May 27, 2011 at 11:02 PM ET
Space visions from well-known painters, photographers, sculptors and astronauts — dating back to the beginnings of NASA's spaceflights in the 1960s — go on display this weekend at the Smithsonian Institution's National Air and Space Museum after a three-year national tour. The exhibition of more than 70 works from the NASA Art Program, titled "NASA | ART: 50 Years of Exploration," comes as the latest chapter of spaceflight history, the 30-year space shuttle program, is nearing its end.
The NASA Art Program was set up in 1962 to show space exploration from a perspective that launch cameras couldn't capture. "The artists were given pretty much free rein to do anything they wanted to do," Tom Crouch, senior curator of aeronautics at the Smithsonian, told The Washington Post. And what artists! The lineup included Andy Warhol, Robert Rauschenberg, James Wyeth, Alexander Calder, Annie Leibovitz and William Wegman.
For this exhibition, the curators added works by Norman Rockwell, the classic Americana illustrator; and Alan Bean, the Apollo 12 moonwalker who's an accomplished artist as well. DCist's Heather Goss says the exhibition is "pretty damn spectacular." She calls particular attention to Paul Calle's pen-and-ink sketches of the Apollo 11 astronauts as they were suiting up for their historic 1969 moon landing.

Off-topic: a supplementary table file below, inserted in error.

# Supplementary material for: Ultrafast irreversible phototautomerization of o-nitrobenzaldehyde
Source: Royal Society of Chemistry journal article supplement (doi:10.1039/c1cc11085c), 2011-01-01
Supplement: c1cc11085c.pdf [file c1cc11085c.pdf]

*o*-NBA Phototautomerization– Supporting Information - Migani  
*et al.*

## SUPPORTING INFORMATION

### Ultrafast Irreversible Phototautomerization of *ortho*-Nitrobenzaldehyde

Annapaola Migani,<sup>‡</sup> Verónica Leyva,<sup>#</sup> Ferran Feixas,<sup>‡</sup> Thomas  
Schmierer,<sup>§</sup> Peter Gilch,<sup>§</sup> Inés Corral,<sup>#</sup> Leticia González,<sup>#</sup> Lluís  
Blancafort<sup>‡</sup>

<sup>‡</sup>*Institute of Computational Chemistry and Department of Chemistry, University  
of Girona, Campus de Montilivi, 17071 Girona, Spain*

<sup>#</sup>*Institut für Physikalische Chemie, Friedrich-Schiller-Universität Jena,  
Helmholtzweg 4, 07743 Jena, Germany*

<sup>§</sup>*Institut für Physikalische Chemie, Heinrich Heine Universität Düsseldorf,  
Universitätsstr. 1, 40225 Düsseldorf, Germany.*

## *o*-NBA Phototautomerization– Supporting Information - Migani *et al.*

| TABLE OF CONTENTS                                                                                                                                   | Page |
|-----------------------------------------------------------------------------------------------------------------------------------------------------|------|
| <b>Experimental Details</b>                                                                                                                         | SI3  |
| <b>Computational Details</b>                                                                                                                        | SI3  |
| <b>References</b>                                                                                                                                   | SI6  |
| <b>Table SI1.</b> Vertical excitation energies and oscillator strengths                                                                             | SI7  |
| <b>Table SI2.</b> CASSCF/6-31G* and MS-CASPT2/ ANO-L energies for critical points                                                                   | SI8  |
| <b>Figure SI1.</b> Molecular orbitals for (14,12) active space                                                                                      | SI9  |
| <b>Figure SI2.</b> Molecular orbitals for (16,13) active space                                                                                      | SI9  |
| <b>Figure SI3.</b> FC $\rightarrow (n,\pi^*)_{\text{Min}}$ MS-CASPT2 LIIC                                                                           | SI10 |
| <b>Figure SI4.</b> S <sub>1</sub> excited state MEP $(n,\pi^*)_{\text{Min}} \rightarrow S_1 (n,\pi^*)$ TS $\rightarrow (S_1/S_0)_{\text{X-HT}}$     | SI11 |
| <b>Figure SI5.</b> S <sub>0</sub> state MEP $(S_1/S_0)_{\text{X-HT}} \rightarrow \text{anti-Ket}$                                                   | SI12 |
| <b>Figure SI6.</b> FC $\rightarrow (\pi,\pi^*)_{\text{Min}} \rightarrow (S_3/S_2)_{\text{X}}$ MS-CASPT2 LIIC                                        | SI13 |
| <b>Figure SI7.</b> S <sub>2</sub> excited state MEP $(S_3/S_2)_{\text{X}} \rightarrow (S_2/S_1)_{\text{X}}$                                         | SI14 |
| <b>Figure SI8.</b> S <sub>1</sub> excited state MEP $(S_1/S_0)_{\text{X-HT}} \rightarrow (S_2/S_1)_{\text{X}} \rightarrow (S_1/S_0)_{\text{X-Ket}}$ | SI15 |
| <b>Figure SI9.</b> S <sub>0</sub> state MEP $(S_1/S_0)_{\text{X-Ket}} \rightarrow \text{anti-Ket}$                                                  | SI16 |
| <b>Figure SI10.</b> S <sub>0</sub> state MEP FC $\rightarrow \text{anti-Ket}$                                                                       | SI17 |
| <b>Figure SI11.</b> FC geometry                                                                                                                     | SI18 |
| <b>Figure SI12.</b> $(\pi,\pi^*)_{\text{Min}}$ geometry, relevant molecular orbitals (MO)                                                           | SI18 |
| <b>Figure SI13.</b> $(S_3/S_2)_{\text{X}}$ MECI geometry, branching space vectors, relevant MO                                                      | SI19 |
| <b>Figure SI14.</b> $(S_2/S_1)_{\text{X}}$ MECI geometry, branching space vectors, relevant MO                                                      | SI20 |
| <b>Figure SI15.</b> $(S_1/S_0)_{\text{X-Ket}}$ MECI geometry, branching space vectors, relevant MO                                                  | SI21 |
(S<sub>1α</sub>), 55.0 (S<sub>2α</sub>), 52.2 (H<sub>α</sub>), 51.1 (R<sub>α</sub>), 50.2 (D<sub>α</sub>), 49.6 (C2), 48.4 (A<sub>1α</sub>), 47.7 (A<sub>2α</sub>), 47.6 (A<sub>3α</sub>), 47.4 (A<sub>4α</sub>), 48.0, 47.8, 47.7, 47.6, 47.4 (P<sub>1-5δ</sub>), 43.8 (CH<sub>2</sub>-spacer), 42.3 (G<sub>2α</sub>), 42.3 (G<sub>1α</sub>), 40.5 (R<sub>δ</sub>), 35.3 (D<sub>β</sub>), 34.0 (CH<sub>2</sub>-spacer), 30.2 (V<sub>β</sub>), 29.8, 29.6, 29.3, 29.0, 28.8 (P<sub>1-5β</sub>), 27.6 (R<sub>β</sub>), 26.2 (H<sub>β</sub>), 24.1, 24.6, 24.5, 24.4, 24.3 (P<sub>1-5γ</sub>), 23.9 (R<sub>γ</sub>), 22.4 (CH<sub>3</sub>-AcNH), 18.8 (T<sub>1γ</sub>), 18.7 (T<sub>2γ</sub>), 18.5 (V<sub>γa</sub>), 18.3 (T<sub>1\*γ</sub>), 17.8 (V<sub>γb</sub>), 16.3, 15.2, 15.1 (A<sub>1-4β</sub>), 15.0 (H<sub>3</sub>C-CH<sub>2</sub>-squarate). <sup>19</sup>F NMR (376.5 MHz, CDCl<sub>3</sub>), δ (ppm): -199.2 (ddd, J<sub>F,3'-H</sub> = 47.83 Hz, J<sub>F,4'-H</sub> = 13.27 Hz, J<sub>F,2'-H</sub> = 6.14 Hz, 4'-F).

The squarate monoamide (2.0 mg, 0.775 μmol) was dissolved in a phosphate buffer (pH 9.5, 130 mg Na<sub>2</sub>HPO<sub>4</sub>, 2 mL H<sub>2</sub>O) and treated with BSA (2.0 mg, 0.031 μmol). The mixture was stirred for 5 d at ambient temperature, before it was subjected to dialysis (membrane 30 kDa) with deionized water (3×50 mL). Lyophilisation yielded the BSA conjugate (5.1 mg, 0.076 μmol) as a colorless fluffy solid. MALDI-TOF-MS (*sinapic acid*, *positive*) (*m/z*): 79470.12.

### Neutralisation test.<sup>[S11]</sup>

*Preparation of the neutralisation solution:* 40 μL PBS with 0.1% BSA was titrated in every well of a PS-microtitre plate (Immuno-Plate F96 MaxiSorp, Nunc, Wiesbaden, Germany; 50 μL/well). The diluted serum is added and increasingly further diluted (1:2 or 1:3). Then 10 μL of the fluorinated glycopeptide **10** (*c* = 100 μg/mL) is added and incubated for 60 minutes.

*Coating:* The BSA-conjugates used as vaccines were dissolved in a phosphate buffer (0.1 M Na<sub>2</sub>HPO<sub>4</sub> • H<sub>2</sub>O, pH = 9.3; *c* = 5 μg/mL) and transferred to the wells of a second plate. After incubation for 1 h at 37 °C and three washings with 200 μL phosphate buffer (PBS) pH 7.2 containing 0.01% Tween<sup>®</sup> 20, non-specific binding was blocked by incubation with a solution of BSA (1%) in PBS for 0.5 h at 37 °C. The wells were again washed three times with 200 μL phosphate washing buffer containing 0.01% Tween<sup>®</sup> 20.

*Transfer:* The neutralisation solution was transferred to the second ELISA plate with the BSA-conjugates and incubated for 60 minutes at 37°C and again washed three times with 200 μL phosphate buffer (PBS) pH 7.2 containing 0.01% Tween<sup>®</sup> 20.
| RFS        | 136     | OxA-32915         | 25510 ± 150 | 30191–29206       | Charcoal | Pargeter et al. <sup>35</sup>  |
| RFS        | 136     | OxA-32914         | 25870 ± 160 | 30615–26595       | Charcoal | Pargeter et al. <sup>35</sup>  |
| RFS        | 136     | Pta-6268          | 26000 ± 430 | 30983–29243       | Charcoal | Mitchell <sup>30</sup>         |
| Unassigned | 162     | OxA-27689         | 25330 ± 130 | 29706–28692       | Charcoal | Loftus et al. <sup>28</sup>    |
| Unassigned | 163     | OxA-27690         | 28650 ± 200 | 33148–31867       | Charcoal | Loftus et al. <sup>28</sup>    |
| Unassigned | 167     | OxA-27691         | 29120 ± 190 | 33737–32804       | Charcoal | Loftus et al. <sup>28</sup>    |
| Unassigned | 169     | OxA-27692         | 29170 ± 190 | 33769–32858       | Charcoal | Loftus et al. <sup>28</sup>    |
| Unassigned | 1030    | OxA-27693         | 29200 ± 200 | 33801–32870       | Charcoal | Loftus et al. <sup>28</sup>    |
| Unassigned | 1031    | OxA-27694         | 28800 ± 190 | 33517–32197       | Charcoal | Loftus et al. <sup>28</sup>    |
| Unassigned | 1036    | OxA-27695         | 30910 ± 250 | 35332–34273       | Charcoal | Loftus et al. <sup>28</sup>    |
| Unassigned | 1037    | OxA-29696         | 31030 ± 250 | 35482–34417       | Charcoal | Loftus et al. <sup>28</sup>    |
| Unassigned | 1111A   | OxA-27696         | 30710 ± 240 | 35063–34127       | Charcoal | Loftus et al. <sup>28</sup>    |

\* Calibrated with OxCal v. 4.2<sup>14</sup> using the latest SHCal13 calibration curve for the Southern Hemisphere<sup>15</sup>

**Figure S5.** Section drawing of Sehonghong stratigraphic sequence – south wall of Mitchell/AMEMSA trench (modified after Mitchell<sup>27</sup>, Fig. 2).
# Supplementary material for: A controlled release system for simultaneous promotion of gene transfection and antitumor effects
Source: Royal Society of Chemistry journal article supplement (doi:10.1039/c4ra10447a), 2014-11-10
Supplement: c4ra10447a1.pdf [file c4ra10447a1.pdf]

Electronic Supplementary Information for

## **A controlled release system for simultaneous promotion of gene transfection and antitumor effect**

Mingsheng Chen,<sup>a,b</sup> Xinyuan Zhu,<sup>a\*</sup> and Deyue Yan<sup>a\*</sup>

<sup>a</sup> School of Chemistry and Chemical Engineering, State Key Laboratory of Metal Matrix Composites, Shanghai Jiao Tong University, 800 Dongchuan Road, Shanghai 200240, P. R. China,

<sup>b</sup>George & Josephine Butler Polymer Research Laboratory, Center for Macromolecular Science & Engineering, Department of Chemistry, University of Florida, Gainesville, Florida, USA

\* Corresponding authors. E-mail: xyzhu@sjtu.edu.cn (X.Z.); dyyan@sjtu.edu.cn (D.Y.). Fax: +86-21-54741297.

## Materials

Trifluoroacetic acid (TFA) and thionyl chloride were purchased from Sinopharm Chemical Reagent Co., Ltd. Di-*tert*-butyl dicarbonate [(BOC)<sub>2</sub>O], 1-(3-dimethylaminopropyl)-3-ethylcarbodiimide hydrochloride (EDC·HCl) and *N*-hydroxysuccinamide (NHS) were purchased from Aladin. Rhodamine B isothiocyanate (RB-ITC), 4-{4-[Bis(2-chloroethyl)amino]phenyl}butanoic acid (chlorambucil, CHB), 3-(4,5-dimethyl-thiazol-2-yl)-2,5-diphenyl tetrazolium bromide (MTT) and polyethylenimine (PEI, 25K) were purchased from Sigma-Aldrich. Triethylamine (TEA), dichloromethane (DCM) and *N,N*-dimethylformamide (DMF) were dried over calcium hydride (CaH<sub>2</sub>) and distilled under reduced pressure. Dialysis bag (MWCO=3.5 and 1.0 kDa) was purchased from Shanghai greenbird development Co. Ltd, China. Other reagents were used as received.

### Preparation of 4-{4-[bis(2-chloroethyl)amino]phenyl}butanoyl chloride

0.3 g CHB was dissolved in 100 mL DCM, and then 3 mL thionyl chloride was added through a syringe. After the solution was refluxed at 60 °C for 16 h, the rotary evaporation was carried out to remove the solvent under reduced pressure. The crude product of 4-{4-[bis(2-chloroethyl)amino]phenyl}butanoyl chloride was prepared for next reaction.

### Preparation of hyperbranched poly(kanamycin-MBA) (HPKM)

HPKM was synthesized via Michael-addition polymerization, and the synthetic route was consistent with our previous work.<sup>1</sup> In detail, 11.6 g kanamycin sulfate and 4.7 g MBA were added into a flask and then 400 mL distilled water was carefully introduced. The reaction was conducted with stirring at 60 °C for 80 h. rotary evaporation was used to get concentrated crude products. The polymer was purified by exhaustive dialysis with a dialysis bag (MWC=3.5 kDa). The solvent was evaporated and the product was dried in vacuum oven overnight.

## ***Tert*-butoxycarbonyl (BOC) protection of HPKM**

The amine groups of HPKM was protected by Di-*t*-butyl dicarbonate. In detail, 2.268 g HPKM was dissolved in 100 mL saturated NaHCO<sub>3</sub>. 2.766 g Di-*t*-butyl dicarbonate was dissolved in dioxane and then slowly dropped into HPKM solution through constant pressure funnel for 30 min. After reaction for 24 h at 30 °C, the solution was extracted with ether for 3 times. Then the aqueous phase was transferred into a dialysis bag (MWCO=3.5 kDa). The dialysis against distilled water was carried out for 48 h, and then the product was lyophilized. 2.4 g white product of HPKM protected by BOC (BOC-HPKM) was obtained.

What masterpieces can we expect from future flights? The Post reports that no artists were commissioned to document the shuttle Endeavour's launch on May 16 due to budget cuts, but it says a "world-famous photographer, who declines to be named right now," will be on hand when Atlantis lifts off on July 8 to close out the space shuttle program.
Check out the exhibition, which is on display on the second floor of the National Air and Space Museum on Washington's National Mall through Oct. 9. And if you can't get to the exhibit, you can sample some of the highlights in our "NASA | ART" slideshow.
More about space art:
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